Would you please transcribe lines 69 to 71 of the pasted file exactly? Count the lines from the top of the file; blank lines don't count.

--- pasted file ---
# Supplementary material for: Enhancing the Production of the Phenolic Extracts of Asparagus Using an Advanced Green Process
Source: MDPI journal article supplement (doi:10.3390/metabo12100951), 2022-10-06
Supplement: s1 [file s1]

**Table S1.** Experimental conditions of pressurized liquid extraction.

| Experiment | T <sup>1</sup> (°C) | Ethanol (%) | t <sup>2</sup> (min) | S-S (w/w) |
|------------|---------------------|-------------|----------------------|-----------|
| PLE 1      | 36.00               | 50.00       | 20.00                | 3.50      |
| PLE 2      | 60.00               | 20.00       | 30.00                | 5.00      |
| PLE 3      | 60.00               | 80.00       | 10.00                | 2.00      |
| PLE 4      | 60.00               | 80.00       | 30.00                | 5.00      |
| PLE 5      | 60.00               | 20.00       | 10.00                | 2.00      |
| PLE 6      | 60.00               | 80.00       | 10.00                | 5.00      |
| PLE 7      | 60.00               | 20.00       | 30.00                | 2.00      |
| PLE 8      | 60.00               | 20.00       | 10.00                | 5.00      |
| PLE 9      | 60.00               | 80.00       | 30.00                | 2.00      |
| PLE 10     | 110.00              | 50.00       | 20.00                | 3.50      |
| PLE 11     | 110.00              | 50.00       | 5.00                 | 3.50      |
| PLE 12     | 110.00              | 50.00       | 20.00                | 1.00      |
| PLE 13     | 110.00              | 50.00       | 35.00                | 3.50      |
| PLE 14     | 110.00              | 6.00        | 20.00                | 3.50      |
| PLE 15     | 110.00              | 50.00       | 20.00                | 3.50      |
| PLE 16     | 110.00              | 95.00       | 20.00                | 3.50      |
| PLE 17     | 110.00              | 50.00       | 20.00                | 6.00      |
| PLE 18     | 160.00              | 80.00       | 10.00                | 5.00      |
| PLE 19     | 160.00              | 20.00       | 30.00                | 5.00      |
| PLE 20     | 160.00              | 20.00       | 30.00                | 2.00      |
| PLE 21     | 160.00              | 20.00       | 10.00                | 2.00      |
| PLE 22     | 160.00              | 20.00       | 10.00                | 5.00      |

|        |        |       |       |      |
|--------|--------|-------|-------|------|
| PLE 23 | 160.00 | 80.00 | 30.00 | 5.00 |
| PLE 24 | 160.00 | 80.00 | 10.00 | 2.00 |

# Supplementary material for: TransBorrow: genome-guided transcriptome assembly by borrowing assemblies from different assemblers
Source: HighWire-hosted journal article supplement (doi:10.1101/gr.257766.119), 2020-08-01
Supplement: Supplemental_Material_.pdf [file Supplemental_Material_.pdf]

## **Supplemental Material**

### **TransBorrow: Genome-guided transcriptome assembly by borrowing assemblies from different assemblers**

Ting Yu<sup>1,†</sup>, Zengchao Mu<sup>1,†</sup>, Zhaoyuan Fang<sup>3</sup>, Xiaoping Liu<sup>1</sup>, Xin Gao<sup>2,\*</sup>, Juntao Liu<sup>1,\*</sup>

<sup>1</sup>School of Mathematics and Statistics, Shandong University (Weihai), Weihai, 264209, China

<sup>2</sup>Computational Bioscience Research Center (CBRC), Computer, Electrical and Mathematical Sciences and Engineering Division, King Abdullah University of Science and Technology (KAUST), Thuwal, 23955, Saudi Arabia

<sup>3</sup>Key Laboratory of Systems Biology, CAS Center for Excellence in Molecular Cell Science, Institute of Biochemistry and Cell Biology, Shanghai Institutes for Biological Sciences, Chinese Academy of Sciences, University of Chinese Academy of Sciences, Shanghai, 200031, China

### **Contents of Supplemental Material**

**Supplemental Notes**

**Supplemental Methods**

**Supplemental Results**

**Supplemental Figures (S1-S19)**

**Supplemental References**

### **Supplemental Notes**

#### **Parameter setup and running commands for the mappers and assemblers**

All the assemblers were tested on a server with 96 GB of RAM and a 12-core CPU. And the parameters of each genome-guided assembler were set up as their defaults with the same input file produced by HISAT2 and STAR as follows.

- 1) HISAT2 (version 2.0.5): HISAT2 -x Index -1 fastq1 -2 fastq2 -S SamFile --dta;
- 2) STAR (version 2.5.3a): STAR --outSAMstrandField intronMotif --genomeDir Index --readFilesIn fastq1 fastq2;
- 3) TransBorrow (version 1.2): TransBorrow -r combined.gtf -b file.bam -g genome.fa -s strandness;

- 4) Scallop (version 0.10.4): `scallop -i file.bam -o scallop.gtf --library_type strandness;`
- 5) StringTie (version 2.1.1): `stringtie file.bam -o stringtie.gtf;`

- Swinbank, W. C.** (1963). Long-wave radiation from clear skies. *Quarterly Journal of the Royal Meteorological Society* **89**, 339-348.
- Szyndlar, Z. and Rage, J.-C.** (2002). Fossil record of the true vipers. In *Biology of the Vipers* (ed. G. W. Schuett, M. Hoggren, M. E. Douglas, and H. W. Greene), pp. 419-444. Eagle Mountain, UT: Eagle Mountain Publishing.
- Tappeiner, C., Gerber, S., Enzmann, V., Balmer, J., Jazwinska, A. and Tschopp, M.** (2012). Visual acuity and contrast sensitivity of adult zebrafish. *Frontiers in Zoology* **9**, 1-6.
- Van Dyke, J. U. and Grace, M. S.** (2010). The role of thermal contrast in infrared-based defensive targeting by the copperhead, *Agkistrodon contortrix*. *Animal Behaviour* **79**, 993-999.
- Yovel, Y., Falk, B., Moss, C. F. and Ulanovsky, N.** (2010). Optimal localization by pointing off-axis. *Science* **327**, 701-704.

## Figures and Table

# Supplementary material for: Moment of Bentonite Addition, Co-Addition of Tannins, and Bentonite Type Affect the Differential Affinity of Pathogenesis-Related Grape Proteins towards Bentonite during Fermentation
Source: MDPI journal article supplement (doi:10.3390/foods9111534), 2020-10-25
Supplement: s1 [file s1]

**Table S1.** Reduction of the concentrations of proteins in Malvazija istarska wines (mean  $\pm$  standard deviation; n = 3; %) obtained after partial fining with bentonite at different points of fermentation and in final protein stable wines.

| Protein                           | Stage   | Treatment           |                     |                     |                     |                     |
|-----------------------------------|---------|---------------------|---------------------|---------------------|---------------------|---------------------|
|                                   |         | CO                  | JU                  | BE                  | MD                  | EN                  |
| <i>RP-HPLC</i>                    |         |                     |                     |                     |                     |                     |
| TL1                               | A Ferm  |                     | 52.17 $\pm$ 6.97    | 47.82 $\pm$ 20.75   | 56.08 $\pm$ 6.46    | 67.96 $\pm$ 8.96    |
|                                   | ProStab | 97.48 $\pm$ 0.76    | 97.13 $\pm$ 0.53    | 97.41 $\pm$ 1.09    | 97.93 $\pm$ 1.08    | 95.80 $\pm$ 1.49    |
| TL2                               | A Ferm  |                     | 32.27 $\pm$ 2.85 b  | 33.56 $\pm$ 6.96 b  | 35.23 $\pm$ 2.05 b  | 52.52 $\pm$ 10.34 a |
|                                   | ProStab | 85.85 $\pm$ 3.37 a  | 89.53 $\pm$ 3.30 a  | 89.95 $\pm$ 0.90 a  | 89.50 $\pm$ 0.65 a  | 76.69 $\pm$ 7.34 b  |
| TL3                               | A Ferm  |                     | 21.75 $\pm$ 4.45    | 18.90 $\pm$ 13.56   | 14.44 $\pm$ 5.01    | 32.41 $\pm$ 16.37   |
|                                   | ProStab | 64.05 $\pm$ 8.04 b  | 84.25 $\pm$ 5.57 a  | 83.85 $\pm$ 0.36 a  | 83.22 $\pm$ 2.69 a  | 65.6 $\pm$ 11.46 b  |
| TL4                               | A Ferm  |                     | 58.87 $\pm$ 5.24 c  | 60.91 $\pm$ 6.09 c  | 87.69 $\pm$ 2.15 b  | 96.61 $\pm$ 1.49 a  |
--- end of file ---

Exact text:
| <i>RP-HPLC</i>                    |         |                     |                     |                     |                     |                     |
| TL1                               | A Ferm  |                     | 52.17 $\pm$ 6.97    | 47.82 $\pm$ 20.75   | 56.08 $\pm$ 6.46    | 67.96 $\pm$ 8.96    |
|                                   | ProStab | 97.48 $\pm$ 0.76    | 97.13 $\pm$ 0.53    | 97.41 $\pm$ 1.09    | 97.93 $\pm$ 1.08    | 95.80 $\pm$ 1.49    |